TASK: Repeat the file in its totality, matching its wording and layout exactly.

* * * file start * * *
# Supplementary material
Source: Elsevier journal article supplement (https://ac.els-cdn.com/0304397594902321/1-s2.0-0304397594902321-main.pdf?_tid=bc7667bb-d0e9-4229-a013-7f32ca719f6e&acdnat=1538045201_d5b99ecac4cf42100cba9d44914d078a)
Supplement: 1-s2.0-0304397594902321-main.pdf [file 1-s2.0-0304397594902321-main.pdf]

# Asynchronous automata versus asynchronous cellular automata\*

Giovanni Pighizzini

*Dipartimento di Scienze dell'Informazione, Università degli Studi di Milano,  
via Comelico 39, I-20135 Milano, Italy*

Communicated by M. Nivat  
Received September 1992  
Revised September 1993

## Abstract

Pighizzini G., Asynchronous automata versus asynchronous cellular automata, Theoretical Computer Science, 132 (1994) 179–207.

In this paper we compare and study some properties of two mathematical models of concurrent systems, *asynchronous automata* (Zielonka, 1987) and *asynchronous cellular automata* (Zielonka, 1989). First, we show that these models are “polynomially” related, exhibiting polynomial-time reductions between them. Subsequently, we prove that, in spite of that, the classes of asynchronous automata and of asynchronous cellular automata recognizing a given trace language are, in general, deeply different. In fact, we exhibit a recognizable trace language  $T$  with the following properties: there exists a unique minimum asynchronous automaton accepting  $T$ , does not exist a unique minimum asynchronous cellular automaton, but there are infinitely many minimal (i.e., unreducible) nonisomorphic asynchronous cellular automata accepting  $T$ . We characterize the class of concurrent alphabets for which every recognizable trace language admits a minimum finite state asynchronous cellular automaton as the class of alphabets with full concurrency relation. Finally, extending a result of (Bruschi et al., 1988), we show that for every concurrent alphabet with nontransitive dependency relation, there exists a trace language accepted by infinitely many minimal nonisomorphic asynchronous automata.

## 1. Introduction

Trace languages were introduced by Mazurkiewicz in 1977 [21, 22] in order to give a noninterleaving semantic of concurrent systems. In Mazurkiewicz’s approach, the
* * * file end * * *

# Supplementary material
Source: Elsevier journal article supplement (https://ac.els-cdn.com/0304397594902321/1-s2.0-0304397594902321-main.pdf?_tid=bc7667bb-d0e9-4229-a013-7f32ca719f6e&acdnat=1538045201_d5b99ecac4cf42100cba9d44914d078a)
Supplement: 1-s2.0-0304397594902321-main.pdf [file 1-s2.0-0304397594902321-main.pdf]

# Asynchronous automata versus asynchronous cellular automata\*

Giovanni Pighizzini

*Dipartimento di Scienze dell'Informazione, Università degli Studi di Milano,  
via Comelico 39, I-20135 Milano, Italy*

Communicated by M. Nivat  
Received September 1992  
Revised September 1993

## Abstract

Pighizzini G., Asynchronous automata versus asynchronous cellular automata, Theoretical Computer Science, 132 (1994) 179–207.

In this paper we compare and study some properties of two mathematical models of concurrent systems, *asynchronous automata* (Zielonka, 1987) and *asynchronous cellular automata* (Zielonka, 1989). First, we show that these models are “polynomially” related, exhibiting polynomial-time reductions between them. Subsequently, we prove that, in spite of that, the classes of asynchronous automata and of asynchronous cellular automata recognizing a given trace language are, in general, deeply different. In fact, we exhibit a recognizable trace language  $T$  with the following properties: there exists a unique minimum asynchronous automaton accepting  $T$ , does not exist a unique minimum asynchronous cellular automaton, but there are infinitely many minimal (i.e., unreducible) nonisomorphic asynchronous cellular automata accepting  $T$ . We characterize the class of concurrent alphabets for which every recognizable trace language admits a minimum finite state asynchronous cellular automaton as the class of alphabets with full concurrency relation. Finally, extending a result of (Bruschi et al., 1988), we show that for every concurrent alphabet with nontransitive dependency relation, there exists a trace language accepted by infinitely many minimal nonisomorphic asynchronous automata.

## 1. Introduction

Trace languages were introduced by Mazurkiewicz in 1977 [21, 22] in order to give a noninterleaving semantic of concurrent systems. In Mazurkiewicz’s approach, the